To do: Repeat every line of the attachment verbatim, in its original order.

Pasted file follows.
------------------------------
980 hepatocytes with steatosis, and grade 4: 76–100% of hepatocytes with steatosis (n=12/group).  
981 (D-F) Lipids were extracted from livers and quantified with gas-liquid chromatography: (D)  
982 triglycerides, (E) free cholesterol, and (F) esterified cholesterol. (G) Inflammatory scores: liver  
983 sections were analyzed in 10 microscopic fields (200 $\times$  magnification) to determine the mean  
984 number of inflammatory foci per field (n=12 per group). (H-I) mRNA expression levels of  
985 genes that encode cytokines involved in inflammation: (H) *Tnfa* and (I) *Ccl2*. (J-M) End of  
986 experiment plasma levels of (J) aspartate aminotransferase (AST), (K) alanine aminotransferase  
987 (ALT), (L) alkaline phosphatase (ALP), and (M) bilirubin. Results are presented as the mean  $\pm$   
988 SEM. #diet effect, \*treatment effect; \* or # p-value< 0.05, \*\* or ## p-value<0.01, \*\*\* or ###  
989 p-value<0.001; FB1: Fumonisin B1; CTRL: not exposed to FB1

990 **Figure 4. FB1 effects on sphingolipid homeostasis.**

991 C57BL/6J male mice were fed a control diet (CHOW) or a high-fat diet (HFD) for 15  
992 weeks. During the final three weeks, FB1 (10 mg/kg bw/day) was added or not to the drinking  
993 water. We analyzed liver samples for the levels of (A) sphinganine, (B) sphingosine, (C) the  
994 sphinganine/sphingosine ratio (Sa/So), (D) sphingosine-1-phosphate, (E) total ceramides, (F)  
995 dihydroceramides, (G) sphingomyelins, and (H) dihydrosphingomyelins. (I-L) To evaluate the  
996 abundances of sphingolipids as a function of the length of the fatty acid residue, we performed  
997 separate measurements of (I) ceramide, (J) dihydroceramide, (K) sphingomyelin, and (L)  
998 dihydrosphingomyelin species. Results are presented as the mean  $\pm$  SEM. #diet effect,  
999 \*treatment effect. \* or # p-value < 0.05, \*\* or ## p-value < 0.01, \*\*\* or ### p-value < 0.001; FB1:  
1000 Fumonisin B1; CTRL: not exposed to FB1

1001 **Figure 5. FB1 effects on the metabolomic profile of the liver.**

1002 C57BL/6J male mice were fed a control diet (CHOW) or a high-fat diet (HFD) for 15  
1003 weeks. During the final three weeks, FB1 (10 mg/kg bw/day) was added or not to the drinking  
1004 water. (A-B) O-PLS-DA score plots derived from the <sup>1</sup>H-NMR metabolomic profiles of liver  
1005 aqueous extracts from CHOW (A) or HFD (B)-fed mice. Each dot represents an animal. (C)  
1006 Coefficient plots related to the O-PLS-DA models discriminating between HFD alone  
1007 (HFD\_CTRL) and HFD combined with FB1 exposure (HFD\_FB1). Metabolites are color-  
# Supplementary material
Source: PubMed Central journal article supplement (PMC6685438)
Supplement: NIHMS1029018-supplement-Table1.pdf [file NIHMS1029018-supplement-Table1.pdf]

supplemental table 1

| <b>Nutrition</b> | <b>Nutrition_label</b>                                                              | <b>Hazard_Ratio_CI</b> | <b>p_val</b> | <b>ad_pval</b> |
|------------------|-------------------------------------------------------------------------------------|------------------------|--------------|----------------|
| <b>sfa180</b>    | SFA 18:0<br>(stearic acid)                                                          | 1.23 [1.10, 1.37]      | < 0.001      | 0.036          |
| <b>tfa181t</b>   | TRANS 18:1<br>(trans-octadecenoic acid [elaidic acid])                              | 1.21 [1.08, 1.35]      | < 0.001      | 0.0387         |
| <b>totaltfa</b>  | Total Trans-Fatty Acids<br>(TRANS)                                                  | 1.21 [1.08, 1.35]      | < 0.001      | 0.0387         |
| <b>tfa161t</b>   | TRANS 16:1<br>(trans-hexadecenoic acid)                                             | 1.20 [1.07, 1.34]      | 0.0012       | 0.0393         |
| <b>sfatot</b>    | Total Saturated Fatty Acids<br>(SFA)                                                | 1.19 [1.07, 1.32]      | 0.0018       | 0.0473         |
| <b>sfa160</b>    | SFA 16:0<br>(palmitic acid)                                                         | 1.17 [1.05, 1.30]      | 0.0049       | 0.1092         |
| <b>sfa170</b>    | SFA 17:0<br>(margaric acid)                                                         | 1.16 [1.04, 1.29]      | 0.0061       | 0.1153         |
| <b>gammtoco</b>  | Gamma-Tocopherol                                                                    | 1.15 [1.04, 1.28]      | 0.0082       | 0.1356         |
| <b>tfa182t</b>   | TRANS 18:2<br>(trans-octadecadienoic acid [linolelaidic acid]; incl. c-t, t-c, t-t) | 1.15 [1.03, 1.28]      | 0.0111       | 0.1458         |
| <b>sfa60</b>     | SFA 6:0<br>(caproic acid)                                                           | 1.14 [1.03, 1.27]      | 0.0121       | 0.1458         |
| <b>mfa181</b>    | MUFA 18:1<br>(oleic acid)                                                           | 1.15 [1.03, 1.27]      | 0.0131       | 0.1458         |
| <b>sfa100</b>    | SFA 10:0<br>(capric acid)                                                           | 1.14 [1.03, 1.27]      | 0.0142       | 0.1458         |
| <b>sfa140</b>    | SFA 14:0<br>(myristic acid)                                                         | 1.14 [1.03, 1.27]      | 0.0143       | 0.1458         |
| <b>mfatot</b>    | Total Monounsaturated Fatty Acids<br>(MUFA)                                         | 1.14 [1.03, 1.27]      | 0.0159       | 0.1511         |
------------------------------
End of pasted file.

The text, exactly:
980 hepatocytes with steatosis, and grade 4: 76–100% of hepatocytes with steatosis (n=12/group).  
981 (D-F) Lipids were extracted from livers and quantified with gas-liquid chromatography: (D)  
982 triglycerides, (E) free cholesterol, and (F) esterified cholesterol. (G) Inflammatory scores: liver  
983 sections were analyzed in 10 microscopic fields (200 $\times$  magnification) to determine the mean  
984 number of inflammatory foci per field (n=12 per group). (H-I) mRNA expression levels of  
985 genes that encode cytokines involved in inflammation: (H) *Tnfa* and (I) *Ccl2*. (J-M) End of  
986 experiment plasma levels of (J) aspartate aminotransferase (AST), (K) alanine aminotransferase  
987 (ALT), (L) alkaline phosphatase (ALP), and (M) bilirubin. Results are presented as the mean  $\pm$   
988 SEM. #diet effect, \*treatment effect; \* or # p-value< 0.05, \*\* or ## p-value<0.01, \*\*\* or ###  
989 p-value<0.001; FB1: Fumonisin B1; CTRL: not exposed to FB1

990 **Figure 4. FB1 effects on sphingolipid homeostasis.**

991 C57BL/6J male mice were fed a control diet (CHOW) or a high-fat diet (HFD) for 15  
992 weeks. During the final three weeks, FB1 (10 mg/kg bw/day) was added or not to the drinking  
993 water. We analyzed liver samples for the levels of (A) sphinganine, (B) sphingosine, (C) the  
994 sphinganine/sphingosine ratio (Sa/So), (D) sphingosine-1-phosphate, (E) total ceramides, (F)  
995 dihydroceramides, (G) sphingomyelins, and (H) dihydrosphingomyelins. (I-L) To evaluate the  
996 abundances of sphingolipids as a function of the length of the fatty acid residue, we performed  
997 separate measurements of (I) ceramide, (J) dihydroceramide, (K) sphingomyelin, and (L)  
998 dihydrosphingomyelin species. Results are presented as the mean  $\pm$  SEM. #diet effect,  
999 \*treatment effect. \* or # p-value < 0.05, \*\* or ## p-value < 0.01, \*\*\* or ### p-value < 0.001; FB1:  
1000 Fumonisin B1; CTRL: not exposed to FB1

1001 **Figure 5. FB1 effects on the metabolomic profile of the liver.**

1002 C57BL/6J male mice were fed a control diet (CHOW) or a high-fat diet (HFD) for 15  
1003 weeks. During the final three weeks, FB1 (10 mg/kg bw/day) was added or not to the drinking  
1004 water. (A-B) O-PLS-DA score plots derived from the <sup>1</sup>H-NMR metabolomic profiles of liver  
1005 aqueous extracts from CHOW (A) or HFD (B)-fed mice. Each dot represents an animal. (C)  
1006 Coefficient plots related to the O-PLS-DA models discriminating between HFD alone  
1007 (HFD\_CTRL) and HFD combined with FB1 exposure (HFD\_FB1). Metabolites are color-  
# Supplementary material
Source: PubMed Central journal article supplement (PMC6685438)
Supplement: NIHMS1029018-supplement-Table1.pdf [file NIHMS1029018-supplement-Table1.pdf]

supplemental table 1

| <b>Nutrition</b> | <b>Nutrition_label</b>                                                              | <b>Hazard_Ratio_CI</b> | <b>p_val</b> | <b>ad_pval</b> |
|------------------|-------------------------------------------------------------------------------------|------------------------|--------------|----------------|
| <b>sfa180</b>    | SFA 18:0<br>(stearic acid)                                                          | 1.23 [1.10, 1.37]      | < 0.001      | 0.036          |
| <b>tfa181t</b>   | TRANS 18:1<br>(trans-octadecenoic acid [elaidic acid])                              | 1.21 [1.08, 1.35]      | < 0.001      | 0.0387         |
| <b>totaltfa</b>  | Total Trans-Fatty Acids<br>(TRANS)                                                  | 1.21 [1.08, 1.35]      | < 0.001      | 0.0387         |
| <b>tfa161t</b>   | TRANS 16:1<br>(trans-hexadecenoic acid)                                             | 1.20 [1.07, 1.34]      | 0.0012       | 0.0393         |
| <b>sfatot</b>    | Total Saturated Fatty Acids<br>(SFA)                                                | 1.19 [1.07, 1.32]      | 0.0018       | 0.0473         |
| <b>sfa160</b>    | SFA 16:0<br>(palmitic acid)                                                         | 1.17 [1.05, 1.30]      | 0.0049       | 0.1092         |
| <b>sfa170</b>    | SFA 17:0<br>(margaric acid)                                                         | 1.16 [1.04, 1.29]      | 0.0061       | 0.1153         |
| <b>gammtoco</b>  | Gamma-Tocopherol                                                                    | 1.15 [1.04, 1.28]      | 0.0082       | 0.1356         |
| <b>tfa182t</b>   | TRANS 18:2<br>(trans-octadecadienoic acid [linolelaidic acid]; incl. c-t, t-c, t-t) | 1.15 [1.03, 1.28]      | 0.0111       | 0.1458         |
| <b>sfa60</b>     | SFA 6:0<br>(caproic acid)                                                           | 1.14 [1.03, 1.27]      | 0.0121       | 0.1458         |
| <b>mfa181</b>    | MUFA 18:1<br>(oleic acid)                                                           | 1.15 [1.03, 1.27]      | 0.0131       | 0.1458         |
| <b>sfa100</b>    | SFA 10:0<br>(capric acid)                                                           | 1.14 [1.03, 1.27]      | 0.0142       | 0.1458         |
| <b>sfa140</b>    | SFA 14:0<br>(myristic acid)                                                         | 1.14 [1.03, 1.27]      | 0.0143       | 0.1458         |
| <b>mfatot</b>    | Total Monounsaturated Fatty Acids<br>(MUFA)                                         | 1.14 [1.03, 1.27]      | 0.0159       | 0.1511         |